The field of play
But, is it worth the effort?
Everyone tells us that it is well-nigh on impossible to do better than S&P 500 returns and that, in any event, it’s an awful lot of work for an iffy proposition. In this post I will explore the question of whether it is worth the effort.
This post does not discuss the chances of doing better. It’s solely focused on what’s to be gained if you succeed.
A rough guestimate for future S&P 500 returns
In 2013, at 83 years of age, John Bogle, the founder and former chief executive of the Vanguard Group of Mutual Funds, gave an interview to the Toronto Globe and Mail newspaper in promotion of his new book, The Clash of Cultures: Investment vs. Speculation. He said: “In the coming decade, if equities do 7 per cent a year – a reasonable enough number – and bonds will be doing less than this because interest rates are so much lower, say 3 per cent a year – and you have 60 per cent in equities and 40 per cent in bonds, that’s 5.5 per cent. Then you take out costs, call it 1 per cent, that’s 4.5 per cent. They never talk about costs – they talk about market return. Which is just stupid to think you can capture the market return [after costs]. Nobody does!”
In the last 50 years the S&P 500 has produced a compounded annualized total return of 10.8%. John Bogle’s 7% is a good starting point even in 2020. There may be some costs and other vagaries. Let’s be conservative. Looking forward over the next 20 or 30 years, a good rough guestimate for present purposes would be that equities will produce a compounded total return of some 6% per annum.
Satisfactory investment results
My supposition is that an investor buying and holding a super low cost S&P 500 index fund or ETF would achieve a return over the next 20 to 30 years of some 6% compounded annually. If the investor puts all their retirement savings into that fund, i.e. be 100% invested in equities, on that assumption, their return should be 6%. If they have 60% in the equity fund and 40% in bonds, they won’t achieve Bogle’s 4.5% because bond yields are lower today.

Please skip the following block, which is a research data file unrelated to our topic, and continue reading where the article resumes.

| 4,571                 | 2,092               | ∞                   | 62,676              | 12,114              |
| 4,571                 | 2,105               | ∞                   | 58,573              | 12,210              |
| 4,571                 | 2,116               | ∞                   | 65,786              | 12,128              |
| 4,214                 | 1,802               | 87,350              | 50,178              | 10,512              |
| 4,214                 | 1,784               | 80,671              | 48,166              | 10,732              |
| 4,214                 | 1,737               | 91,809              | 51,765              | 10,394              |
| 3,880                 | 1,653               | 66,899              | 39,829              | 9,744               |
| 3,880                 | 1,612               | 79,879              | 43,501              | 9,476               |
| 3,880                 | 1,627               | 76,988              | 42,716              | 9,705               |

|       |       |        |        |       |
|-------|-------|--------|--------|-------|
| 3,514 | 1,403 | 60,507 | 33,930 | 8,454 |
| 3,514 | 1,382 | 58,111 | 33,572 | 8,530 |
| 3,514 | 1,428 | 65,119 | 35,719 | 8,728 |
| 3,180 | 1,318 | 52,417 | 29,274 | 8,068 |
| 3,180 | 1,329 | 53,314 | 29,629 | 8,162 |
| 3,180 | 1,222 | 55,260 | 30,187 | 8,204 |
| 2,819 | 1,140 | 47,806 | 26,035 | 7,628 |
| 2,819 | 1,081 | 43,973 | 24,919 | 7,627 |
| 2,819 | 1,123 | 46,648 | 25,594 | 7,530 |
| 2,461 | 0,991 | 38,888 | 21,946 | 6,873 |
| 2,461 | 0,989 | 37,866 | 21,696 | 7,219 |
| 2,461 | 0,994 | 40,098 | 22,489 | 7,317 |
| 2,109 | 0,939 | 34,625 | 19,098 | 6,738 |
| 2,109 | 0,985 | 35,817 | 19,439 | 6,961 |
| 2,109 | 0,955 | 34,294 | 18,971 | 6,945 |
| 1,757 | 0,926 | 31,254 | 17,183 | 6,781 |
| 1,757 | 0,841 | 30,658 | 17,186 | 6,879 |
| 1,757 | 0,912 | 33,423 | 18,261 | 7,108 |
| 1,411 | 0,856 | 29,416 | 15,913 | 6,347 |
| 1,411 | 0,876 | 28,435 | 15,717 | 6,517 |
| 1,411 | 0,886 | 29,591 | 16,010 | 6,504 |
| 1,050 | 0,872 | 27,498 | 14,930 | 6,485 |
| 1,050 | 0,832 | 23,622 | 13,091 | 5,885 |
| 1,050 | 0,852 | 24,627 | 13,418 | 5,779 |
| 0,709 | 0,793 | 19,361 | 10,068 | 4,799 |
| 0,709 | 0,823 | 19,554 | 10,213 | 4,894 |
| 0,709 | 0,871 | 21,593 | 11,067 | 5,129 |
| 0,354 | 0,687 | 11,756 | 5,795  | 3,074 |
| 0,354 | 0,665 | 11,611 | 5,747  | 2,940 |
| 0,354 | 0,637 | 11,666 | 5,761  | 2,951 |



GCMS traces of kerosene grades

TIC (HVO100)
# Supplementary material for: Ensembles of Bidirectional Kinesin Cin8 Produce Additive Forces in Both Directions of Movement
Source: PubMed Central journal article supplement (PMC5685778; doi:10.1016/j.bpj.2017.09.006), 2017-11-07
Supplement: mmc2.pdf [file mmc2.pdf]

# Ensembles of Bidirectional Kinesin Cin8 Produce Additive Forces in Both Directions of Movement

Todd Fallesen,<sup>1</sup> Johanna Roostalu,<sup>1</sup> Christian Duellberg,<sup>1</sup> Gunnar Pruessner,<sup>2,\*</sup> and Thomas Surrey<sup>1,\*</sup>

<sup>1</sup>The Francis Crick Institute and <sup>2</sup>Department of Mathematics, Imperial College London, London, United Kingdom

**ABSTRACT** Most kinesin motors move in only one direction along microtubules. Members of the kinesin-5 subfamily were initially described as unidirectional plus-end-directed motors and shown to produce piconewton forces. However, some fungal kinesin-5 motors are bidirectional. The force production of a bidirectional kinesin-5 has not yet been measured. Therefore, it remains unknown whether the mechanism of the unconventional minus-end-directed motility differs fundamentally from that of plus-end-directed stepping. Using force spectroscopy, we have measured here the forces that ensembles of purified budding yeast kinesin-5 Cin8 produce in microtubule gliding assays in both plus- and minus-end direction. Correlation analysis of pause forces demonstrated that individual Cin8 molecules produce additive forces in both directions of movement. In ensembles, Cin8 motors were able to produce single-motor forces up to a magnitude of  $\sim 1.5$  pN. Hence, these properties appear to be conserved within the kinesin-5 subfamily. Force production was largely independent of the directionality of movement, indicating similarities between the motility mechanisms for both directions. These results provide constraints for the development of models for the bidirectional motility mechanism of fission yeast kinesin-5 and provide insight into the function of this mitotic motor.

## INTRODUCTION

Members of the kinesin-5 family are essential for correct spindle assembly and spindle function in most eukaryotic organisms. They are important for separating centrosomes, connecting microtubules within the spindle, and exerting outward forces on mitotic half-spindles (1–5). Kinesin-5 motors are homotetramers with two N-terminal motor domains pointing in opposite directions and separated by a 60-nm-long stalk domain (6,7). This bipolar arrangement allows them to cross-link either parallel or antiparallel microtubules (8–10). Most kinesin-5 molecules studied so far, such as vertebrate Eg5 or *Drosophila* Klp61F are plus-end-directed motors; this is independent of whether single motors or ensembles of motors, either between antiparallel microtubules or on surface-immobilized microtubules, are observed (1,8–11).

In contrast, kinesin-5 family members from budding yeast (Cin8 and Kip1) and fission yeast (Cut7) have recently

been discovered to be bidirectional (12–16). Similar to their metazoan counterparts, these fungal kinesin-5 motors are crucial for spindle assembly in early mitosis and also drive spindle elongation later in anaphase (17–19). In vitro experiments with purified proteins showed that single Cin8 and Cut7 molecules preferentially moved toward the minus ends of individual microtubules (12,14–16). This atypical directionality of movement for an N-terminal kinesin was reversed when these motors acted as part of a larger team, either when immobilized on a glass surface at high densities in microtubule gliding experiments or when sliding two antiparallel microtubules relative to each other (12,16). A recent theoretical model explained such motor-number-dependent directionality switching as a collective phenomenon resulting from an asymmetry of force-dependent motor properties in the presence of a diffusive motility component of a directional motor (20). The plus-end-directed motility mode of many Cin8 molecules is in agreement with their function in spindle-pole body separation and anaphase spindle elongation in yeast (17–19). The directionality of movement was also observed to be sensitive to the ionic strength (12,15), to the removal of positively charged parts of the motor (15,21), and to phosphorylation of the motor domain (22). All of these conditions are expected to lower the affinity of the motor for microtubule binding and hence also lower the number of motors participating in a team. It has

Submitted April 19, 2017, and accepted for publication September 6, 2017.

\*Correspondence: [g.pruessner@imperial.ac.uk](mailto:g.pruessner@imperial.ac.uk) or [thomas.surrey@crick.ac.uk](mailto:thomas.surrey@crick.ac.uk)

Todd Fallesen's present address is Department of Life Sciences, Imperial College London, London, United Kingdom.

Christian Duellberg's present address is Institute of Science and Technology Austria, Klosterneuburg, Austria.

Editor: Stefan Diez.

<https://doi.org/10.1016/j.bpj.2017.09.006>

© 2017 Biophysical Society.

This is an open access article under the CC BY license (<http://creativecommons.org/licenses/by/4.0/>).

In The Intelligent Investor Ben Graham wrote: “To achieve satisfactory investment results is easier than most people realize; to achieve superior results is harder than it looks.” (Graham, 1973) p. 287 (emphasis added). I would call the 6% return a ‘satisfactory’ return and it is easily achieved by investing in an index mutual fund or ETF.
Even so, the index investor must be prepared to endure the ups and downs (volatility) of the stock market. The rub is volatility. Ben Graham explains: “In any case the investor may as well resign himself in advance to the probability rather than the mere possibility that most of his holdings will advance, say 50% or more from their low point and decline the equivalent one-third or more from their high point at various periods in the next five years.” (Graham, 1973) p. 101 (emphasis added). It may be easier for a true passive index investor to endure volatility because the investment doesn’t need to be monitored closely. The fact is that all investors in equities must endure volatility. In truth, as discussed elsewhere in the Motherlode, volatility is the friend of the active investor. It presents opportunities.
Superior results are hard to come by